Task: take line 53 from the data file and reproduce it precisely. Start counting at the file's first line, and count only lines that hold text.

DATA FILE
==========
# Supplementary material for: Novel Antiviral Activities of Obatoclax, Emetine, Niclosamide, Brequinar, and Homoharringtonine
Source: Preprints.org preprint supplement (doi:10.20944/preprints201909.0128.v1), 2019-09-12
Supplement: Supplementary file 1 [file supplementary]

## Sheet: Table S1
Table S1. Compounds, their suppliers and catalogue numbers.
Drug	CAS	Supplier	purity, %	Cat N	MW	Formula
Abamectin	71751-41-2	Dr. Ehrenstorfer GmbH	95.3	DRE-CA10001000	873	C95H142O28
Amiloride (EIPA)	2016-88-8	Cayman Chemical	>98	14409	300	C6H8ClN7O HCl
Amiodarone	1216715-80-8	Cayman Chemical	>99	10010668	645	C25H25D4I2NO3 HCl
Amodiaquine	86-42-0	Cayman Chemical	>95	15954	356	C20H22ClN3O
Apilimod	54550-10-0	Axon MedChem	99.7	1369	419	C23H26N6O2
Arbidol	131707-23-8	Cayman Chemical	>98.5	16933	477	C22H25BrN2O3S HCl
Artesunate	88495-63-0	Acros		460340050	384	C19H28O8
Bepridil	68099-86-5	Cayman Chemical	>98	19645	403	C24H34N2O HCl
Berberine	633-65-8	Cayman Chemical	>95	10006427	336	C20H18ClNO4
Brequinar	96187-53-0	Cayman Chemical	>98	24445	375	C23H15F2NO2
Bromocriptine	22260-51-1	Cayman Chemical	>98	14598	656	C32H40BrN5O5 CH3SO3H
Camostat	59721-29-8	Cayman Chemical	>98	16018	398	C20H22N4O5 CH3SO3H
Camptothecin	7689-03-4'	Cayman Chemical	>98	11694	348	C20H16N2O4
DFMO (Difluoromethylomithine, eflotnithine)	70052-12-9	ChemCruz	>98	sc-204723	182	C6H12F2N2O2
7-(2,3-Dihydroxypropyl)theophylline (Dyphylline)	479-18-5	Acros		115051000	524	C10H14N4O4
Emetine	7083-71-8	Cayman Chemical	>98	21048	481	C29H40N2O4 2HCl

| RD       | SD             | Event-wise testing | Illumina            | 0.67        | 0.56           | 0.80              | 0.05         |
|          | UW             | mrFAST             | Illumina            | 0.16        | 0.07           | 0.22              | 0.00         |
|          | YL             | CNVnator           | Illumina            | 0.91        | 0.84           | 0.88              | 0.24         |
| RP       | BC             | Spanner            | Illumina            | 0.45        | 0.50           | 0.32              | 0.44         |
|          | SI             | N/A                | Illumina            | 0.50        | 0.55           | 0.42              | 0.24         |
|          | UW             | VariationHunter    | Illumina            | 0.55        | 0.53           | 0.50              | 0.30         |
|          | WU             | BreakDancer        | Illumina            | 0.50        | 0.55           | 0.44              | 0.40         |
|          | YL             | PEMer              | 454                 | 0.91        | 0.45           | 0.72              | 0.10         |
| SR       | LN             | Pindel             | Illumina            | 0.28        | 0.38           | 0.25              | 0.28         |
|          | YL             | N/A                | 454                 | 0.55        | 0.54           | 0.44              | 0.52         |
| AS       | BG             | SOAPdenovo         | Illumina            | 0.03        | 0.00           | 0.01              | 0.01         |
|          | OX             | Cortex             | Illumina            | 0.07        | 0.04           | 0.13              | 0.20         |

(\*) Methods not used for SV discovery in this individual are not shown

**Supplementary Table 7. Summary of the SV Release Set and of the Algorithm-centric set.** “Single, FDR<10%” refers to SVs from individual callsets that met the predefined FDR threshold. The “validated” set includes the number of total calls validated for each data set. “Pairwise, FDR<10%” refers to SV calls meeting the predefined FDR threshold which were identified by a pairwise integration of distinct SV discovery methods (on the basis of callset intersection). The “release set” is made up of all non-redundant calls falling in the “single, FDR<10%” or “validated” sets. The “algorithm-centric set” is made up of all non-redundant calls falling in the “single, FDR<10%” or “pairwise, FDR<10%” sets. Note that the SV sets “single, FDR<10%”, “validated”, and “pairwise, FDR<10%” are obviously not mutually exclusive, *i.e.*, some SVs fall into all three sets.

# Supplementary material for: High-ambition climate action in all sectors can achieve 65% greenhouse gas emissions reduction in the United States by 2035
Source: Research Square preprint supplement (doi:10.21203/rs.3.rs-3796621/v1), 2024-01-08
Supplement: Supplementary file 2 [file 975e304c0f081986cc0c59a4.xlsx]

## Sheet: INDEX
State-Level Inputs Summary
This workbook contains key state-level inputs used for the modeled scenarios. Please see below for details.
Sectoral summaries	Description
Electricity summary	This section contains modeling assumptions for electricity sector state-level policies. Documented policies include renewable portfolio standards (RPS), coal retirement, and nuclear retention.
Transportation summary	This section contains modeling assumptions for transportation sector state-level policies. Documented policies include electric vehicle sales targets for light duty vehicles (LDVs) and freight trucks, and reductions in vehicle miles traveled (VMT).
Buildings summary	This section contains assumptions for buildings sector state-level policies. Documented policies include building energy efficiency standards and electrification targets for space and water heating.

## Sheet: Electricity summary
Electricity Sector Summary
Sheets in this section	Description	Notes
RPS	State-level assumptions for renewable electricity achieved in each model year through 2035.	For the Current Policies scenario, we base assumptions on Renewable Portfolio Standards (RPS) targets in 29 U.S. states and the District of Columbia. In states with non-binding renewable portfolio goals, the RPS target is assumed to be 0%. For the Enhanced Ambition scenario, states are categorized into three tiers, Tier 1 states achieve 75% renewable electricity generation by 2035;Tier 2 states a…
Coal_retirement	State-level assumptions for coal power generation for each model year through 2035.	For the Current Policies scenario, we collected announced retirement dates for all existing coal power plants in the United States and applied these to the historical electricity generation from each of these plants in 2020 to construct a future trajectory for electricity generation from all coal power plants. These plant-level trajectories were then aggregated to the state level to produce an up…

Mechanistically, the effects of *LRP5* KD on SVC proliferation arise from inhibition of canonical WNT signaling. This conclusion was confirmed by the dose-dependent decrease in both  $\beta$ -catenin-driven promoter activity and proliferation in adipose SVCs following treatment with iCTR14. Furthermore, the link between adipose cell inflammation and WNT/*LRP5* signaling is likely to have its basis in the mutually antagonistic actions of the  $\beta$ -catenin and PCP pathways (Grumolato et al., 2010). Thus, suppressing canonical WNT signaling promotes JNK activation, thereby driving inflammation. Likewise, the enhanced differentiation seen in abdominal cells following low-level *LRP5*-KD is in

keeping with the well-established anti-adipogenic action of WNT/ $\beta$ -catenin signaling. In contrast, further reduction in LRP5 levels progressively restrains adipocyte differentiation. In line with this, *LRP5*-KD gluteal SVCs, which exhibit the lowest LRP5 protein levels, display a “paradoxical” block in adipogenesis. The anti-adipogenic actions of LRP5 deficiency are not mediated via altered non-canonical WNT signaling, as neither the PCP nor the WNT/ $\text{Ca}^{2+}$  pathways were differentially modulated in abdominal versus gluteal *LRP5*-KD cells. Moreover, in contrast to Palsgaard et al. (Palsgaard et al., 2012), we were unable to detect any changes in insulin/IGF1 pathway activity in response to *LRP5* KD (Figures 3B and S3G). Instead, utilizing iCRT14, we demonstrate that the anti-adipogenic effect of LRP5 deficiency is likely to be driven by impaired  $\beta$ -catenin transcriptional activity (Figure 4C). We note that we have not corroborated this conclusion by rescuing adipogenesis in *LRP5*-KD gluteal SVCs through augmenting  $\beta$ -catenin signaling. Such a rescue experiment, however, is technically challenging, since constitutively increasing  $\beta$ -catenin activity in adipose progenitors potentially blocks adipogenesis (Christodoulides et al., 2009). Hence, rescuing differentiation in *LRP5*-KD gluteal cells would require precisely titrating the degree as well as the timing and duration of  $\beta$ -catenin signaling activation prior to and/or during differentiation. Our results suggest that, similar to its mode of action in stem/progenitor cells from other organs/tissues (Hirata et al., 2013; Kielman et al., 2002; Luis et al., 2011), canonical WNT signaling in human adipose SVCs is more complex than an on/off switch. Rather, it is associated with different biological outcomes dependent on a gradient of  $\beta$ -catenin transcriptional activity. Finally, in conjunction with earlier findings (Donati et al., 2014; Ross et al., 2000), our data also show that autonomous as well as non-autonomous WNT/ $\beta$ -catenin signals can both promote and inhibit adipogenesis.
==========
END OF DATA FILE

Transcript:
keeping with the well-established anti-adipogenic action of WNT/ $\beta$ -catenin signaling. In contrast, further reduction in LRP5 levels progressively restrains adipocyte differentiation. In line with this, *LRP5*-KD gluteal SVCs, which exhibit the lowest LRP5 protein levels, display a “paradoxical” block in adipogenesis. The anti-adipogenic actions of LRP5 deficiency are not mediated via altered non-canonical WNT signaling, as neither the PCP nor the WNT/ $\text{Ca}^{2+}$  pathways were differentially modulated in abdominal versus gluteal *LRP5*-KD cells. Moreover, in contrast to Palsgaard et al. (Palsgaard et al., 2012), we were unable to detect any changes in insulin/IGF1 pathway activity in response to *LRP5* KD (Figures 3B and S3G). Instead, utilizing iCRT14, we demonstrate that the anti-adipogenic effect of LRP5 deficiency is likely to be driven by impaired  $\beta$ -catenin transcriptional activity (Figure 4C). We note that we have not corroborated this conclusion by rescuing adipogenesis in *LRP5*-KD gluteal SVCs through augmenting  $\beta$ -catenin signaling. Such a rescue experiment, however, is technically challenging, since constitutively increasing  $\beta$ -catenin activity in adipose progenitors potentially blocks adipogenesis (Christodoulides et al., 2009). Hence, rescuing differentiation in *LRP5*-KD gluteal cells would require precisely titrating the degree as well as the timing and duration of  $\beta$ -catenin signaling activation prior to and/or during differentiation. Our results suggest that, similar to its mode of action in stem/progenitor cells from other organs/tissues (Hirata et al., 2013; Kielman et al., 2002; Luis et al., 2011), canonical WNT signaling in human adipose SVCs is more complex than an on/off switch. Rather, it is associated with different biological outcomes dependent on a gradient of  $\beta$ -catenin transcriptional activity. Finally, in conjunction with earlier findings (Donati et al., 2014; Ross et al., 2000), our data also show that autonomous as well as non-autonomous WNT/ $\beta$ -catenin signals can both promote and inhibit adipogenesis.